Shared from Bloomberg

What you might be facing at the wine shop this coming year, and how to find just-as-delicious bottles that won’t be affected by price changes.

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Photo Credit: Bloomberg

“We’re in shock and panic mode. It’s a nightmare.”

That’s what gloomy New York wine importers, retailers, and European producers were saying last week. Stiff tariffs on French, German, and Spanish wines went into effect in October, and on Dec. 12, the Office of the U.S. Trade Representative (USTR) upped the ante, publishing an expanded list of proposed tariffs on all European wines of potentially up to 100%. That came after France taxed U.S. tech companies, and the USTR threatened 100% tariffs, specifically on Champagne. (And French cheese.)

Yikes!

For consumers, it’s all bad news, even if you’re not yet feeling price hikes. This tariff war will eventually make it more difficult and expensive to get the bottles you—and I—love. It’s a dire prospect for the year ahead.

Which is why I put together a list of New World alternatives below.

U.S. Fears Bubbly Shortage As French Champagne Production Drops Sharply
Bottles of Champagne at Astor Wines in New York. Photo Credit: Drew Angerer/Getty Images North America

But first, here’s what you need to know.

On Oct. 2, The World Trade Organization allowed the U.S. to impose $7.5 billion in tariffs on France, Germany, Spain, and the U.K. in the face of their subsidies for Boeing competitor Airbus. Two weeks later, the USTR’s 25% tariff on wine and single malt Scotch (and many other products) went into effect. Weirdly, it applies only to wines under 14% alcohol and not to large-format bottles, sparkling wines, and those from other EU countries such as Italy.

That’s bad enough, but the 100 percent tariff threat on all European wines has everyone really unglued. Jeff Zacharia of Westchester County-based retail Zachys just sent an email to customers urging them to write to the USTR before a decision is made next month.

Are the threats just a bluff? “Given the track record of this administration, the threat of 100% tariffs must be taken very seriously,” says Michael Quinttus, chief executive officer of Vintus.

If you haven’t noticed higher retail prices yet, that’s because for some wines, retailers, importers, and producers actually shared the cost of the first go-round of tariffs. “We’ll hold prices through January, but we’re not sure what will happen after that,” says Chris Adams, CEO of Sherry-Lehmann, adding: “Buy French wine now, before the end of the year.”

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The United States on Dec. 2, 2019, threatened to impose tariffs of up to 100% on $2.4 billion in French goods in retaliation for a digital services tax it says is discriminatory. French wine and cheese are on the list of goods that could be targeted as soon as mid-January.​​​​​​Photo Credit: OLIVIER DOULIERY/AFP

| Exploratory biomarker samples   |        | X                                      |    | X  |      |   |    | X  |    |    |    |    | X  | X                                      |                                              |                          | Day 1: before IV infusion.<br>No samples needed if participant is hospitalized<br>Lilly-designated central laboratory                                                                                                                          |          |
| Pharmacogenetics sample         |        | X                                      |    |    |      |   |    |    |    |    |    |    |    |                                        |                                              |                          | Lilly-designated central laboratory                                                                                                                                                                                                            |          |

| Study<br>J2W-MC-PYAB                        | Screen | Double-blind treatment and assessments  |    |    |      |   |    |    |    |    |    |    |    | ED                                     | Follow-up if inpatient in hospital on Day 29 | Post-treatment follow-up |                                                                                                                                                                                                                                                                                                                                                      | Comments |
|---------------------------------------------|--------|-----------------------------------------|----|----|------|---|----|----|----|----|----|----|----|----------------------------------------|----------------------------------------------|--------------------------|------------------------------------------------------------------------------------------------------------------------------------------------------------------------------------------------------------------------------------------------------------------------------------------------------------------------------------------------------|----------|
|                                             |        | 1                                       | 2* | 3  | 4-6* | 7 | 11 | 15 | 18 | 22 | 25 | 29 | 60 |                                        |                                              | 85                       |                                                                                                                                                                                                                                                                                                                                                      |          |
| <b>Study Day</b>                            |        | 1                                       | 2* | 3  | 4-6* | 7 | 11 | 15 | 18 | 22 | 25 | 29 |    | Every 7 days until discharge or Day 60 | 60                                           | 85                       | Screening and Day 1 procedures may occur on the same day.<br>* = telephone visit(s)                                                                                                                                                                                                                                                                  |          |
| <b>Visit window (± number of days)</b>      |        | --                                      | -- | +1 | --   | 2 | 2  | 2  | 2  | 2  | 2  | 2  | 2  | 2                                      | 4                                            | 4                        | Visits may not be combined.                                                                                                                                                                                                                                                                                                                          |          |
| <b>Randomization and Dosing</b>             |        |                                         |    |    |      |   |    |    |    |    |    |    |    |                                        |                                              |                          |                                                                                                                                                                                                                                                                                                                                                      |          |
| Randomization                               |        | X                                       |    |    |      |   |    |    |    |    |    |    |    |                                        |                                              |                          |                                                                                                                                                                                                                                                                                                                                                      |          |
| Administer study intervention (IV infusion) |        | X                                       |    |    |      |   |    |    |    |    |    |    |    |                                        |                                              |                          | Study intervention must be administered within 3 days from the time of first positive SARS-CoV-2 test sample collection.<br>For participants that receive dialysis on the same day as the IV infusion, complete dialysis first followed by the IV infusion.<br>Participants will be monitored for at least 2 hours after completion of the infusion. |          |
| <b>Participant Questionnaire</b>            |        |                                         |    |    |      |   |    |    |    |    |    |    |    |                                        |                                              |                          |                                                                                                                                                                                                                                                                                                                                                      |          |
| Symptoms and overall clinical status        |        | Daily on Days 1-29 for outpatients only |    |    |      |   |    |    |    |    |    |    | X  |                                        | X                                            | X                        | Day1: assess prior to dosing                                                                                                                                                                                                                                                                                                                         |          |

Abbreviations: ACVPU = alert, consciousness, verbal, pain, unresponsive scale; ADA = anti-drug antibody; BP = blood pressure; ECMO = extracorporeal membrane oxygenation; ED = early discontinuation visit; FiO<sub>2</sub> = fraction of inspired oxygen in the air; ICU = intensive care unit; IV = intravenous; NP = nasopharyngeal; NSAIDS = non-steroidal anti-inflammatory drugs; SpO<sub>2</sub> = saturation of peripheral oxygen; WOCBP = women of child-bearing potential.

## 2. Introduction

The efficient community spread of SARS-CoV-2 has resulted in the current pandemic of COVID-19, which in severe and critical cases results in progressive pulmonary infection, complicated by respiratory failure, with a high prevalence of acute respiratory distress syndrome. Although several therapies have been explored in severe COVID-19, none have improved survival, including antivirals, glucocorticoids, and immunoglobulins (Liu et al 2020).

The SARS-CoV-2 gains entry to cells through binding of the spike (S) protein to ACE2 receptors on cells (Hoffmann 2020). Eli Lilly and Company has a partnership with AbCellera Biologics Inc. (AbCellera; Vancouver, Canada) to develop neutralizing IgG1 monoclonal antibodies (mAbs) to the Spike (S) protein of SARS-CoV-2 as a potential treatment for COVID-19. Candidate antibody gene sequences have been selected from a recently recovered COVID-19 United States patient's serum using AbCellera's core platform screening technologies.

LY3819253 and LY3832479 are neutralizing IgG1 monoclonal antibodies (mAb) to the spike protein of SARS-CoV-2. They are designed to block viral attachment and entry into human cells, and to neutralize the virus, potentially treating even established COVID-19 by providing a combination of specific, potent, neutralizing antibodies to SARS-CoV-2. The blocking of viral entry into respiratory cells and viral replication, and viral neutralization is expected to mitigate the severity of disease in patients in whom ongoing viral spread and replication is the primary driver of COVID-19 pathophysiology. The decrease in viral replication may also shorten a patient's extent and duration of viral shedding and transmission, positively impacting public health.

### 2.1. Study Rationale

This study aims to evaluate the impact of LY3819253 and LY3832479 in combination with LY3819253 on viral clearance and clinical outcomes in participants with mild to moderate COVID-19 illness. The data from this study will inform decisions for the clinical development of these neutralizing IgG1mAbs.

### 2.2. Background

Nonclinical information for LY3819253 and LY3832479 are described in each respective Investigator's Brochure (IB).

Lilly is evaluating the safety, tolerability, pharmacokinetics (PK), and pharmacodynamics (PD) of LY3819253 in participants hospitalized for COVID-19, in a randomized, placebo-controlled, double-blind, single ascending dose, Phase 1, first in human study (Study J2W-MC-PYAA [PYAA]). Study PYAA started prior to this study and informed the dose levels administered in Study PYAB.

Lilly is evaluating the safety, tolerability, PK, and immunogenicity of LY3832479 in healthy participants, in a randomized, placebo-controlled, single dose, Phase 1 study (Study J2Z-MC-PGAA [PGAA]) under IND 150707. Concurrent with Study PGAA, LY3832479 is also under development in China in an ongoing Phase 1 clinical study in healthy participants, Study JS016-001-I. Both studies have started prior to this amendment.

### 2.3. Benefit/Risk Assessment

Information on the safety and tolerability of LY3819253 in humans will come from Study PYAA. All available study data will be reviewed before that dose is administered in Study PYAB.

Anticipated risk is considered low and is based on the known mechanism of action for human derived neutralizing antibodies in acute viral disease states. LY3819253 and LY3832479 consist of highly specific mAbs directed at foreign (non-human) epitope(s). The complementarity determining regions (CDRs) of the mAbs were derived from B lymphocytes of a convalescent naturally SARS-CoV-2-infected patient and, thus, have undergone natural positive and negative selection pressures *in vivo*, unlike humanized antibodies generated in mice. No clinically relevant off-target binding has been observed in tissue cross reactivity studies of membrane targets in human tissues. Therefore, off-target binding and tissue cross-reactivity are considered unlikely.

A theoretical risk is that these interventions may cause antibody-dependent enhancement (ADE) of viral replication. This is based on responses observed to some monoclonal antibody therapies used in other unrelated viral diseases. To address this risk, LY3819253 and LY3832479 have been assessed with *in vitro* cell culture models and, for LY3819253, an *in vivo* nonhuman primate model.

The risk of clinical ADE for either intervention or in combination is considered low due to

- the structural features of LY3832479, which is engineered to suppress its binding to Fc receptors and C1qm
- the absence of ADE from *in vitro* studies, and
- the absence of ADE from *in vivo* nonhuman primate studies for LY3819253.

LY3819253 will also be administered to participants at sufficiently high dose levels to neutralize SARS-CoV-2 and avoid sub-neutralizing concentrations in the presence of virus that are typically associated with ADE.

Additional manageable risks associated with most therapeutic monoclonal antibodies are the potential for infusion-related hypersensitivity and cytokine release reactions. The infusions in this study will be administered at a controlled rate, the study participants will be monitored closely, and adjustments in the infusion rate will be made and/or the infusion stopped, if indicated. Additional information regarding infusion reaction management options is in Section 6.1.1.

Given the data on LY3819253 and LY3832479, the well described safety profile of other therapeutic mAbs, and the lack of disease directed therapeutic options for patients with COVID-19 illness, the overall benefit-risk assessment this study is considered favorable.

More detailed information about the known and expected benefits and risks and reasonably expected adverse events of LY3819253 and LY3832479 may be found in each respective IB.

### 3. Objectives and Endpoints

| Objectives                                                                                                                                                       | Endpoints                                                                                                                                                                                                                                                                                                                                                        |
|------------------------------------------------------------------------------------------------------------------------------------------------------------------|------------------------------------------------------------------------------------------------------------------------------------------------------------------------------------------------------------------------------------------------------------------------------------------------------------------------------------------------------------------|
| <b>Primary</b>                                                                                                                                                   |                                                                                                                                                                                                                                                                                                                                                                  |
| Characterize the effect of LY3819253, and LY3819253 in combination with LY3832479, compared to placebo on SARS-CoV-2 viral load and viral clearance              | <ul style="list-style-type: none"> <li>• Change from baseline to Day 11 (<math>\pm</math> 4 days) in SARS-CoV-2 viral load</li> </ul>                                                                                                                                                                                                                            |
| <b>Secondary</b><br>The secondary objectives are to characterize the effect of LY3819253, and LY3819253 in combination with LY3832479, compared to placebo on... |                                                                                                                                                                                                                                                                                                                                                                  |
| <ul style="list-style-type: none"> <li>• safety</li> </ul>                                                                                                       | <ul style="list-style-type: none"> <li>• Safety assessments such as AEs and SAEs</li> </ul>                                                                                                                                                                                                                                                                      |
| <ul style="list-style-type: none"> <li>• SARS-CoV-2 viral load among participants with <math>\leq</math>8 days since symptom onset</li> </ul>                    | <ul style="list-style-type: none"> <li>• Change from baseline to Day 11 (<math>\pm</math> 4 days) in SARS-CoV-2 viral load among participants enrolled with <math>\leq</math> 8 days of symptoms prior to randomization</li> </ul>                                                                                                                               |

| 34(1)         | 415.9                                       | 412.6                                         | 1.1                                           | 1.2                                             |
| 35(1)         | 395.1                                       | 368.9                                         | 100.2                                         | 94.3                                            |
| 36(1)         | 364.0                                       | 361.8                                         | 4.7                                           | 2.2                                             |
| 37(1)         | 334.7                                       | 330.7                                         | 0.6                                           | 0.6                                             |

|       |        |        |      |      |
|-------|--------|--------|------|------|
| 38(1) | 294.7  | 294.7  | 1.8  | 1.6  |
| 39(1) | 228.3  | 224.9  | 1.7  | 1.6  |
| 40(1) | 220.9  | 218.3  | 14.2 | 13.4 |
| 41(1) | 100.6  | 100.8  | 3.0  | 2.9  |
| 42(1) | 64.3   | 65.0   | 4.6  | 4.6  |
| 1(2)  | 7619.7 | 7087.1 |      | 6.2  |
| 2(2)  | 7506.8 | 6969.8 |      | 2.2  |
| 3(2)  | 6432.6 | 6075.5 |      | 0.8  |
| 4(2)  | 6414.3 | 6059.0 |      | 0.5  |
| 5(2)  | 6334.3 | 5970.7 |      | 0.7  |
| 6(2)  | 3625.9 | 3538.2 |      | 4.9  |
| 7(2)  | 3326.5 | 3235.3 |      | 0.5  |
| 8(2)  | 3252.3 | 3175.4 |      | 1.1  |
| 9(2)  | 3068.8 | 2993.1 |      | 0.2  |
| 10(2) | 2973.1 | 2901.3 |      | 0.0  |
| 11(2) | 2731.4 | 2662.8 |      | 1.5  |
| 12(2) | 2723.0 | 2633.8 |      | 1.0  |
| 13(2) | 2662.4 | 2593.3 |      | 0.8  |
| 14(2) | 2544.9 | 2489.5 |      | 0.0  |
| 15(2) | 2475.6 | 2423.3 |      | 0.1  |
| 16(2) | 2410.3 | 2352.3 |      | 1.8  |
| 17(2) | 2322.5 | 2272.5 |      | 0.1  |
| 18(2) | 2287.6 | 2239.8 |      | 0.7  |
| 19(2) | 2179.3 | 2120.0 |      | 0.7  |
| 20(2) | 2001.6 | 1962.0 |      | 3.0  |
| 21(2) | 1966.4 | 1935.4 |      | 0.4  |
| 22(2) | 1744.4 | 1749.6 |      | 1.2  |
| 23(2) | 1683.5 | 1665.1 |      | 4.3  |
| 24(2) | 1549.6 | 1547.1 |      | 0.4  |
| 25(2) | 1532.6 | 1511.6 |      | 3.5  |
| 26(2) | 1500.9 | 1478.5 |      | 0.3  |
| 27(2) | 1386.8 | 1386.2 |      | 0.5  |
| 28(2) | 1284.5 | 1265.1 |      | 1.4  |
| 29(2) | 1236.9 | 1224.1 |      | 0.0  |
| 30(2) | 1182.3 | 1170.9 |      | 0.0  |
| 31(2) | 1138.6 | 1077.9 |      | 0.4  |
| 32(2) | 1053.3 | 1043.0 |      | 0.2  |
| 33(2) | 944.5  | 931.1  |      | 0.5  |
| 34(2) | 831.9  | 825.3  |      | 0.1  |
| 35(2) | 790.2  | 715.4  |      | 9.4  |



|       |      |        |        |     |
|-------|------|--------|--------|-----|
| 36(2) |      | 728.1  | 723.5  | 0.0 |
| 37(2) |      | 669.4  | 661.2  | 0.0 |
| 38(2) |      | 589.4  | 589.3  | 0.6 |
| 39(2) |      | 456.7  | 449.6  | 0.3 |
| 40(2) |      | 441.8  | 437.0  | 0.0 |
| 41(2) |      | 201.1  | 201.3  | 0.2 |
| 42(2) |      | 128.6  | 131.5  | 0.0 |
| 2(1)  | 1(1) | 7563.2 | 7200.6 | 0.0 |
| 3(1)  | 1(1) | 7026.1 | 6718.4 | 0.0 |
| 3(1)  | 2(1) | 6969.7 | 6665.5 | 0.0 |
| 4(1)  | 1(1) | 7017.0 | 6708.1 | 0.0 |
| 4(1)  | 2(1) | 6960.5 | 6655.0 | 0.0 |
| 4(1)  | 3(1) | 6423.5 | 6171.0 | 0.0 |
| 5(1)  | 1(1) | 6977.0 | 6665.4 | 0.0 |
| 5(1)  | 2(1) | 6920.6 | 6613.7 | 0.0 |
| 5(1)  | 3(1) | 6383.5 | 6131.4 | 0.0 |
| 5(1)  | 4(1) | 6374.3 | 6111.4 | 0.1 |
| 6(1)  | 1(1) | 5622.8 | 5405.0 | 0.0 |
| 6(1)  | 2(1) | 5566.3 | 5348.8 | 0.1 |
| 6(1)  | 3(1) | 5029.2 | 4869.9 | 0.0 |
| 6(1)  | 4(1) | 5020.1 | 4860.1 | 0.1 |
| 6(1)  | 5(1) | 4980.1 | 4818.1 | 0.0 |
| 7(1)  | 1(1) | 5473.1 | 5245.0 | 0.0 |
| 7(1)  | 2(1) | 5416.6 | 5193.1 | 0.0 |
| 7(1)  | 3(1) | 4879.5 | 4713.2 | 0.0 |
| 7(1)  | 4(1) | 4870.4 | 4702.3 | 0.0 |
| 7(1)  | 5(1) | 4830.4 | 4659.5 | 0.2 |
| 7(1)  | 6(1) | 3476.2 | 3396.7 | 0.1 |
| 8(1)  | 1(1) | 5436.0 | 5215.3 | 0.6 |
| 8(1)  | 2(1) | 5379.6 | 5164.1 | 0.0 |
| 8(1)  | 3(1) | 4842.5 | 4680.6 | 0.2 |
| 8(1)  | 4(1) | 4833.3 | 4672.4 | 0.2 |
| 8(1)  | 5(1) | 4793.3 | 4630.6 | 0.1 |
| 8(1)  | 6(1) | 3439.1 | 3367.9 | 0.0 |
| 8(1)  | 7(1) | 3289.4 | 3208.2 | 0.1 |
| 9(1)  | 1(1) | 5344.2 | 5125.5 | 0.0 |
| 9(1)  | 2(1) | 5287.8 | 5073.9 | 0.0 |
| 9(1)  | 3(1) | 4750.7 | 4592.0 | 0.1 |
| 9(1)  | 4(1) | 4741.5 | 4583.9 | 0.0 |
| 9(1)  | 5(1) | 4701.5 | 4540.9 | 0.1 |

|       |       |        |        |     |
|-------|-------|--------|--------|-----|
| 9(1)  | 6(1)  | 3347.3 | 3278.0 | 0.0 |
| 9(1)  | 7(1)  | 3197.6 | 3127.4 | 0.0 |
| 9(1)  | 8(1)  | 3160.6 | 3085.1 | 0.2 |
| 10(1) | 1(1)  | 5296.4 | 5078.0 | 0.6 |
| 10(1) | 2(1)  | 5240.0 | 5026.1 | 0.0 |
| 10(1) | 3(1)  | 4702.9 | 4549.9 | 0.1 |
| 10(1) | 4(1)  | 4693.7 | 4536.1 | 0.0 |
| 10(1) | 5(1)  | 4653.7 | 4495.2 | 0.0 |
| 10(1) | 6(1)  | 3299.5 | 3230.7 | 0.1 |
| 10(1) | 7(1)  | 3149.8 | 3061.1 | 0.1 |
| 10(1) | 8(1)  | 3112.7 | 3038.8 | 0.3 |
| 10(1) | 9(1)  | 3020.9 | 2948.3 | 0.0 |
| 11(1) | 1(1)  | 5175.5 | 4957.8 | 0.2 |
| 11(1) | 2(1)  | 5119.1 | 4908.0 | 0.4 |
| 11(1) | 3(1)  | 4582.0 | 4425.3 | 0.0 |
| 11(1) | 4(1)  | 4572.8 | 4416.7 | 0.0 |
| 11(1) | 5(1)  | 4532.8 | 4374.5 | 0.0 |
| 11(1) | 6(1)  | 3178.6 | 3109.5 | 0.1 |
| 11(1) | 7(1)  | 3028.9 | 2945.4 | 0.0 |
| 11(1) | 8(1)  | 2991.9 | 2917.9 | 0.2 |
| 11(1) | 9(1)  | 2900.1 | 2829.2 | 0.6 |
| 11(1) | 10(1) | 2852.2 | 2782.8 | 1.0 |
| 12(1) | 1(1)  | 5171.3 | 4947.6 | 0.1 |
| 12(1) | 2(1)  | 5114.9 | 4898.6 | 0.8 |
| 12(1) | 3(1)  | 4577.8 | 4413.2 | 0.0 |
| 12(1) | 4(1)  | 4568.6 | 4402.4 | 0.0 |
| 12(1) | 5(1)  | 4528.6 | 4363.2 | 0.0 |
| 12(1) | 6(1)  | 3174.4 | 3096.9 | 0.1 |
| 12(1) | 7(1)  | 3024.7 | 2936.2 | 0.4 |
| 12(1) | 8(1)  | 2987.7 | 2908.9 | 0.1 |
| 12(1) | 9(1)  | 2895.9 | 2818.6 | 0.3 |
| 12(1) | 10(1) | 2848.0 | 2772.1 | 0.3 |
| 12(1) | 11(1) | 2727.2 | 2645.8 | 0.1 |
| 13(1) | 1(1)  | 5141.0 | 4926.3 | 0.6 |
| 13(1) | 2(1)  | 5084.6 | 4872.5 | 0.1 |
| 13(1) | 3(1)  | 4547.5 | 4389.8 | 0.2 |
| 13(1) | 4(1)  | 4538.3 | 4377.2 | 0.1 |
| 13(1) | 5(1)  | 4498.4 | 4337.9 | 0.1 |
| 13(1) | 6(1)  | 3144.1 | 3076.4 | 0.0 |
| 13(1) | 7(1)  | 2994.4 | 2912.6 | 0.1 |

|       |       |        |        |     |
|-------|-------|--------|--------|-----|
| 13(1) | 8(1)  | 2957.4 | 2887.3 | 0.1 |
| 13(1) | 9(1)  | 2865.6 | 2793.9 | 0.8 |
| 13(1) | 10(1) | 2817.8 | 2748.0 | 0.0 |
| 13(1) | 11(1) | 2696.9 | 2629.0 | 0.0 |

Some producers air-freighted their wines to get them here before the October deadline, but wines already on ships en route to the U.S. had to pay the 25% tax to clear customs when they arrived—in cash.

“We already see price increases from our distributors,” says Lorena Ascencios, head buyer for New York’s Astor Wines & Spirits. “Some Sancerres on our shelves are already up 25%. The situation is changing every day.”

Who will suffer? New York importer/distributor Harmon Skurnik of Skurnik Wines & Spirits points out that tariffs will be devastating financially to importers, distributors, retailers, and restaurants that offer European wines. It could also cripple the sale of European wine in the U.S. Small players might be out of business.

Consumers won’t just pay higher prices. Philippe Tapie of Haut Medoc Selections, a small Bordeaux negociant, says the tariffs will affect what wines are available to U.S. consumers; at 100%, many won’t be shipped at all.

As Spanish producer Victor Urrutia of CVNE puts it, “If wines are too expensive for what they are, they simply won’t be stocked.”

Right now, the world is clamoring for Burgundy, and America gets the best terms and discounts, explains Peter Wasserman of Burgundy-based export company Becky Wasserman & Co. “But that will change. Some allocations for the U.S. will instead go to Hong Kong, Singapore, Mexico, Brazil, and Malaysia, who are willing to pay up front.”

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Bottles of French Champagne are displayed for sale in a liquor store in Arlington, Va. Photographer: OLIVIER DOULIERY/AFP

So as prices rise, what can you buy?

New World wines. Yes, they’re generally fruitier and less mineral or savory than tariff-laden European wines, regardless of grape variety.

However, one strategy to finding serious substitutes is to seek out New World wines made by European producers. Half a dozen Burgundy domaines, for example, now also make wine in Oregon.

Another is to embrace the reds and whites from undervalued South Africa. Ascencios points out, rightly, that they are more Old World in style and still inexpensive.

I’ve focused my list below on lookalikes for wines already subject to tariffs and for Champagne, which may be affected next month.

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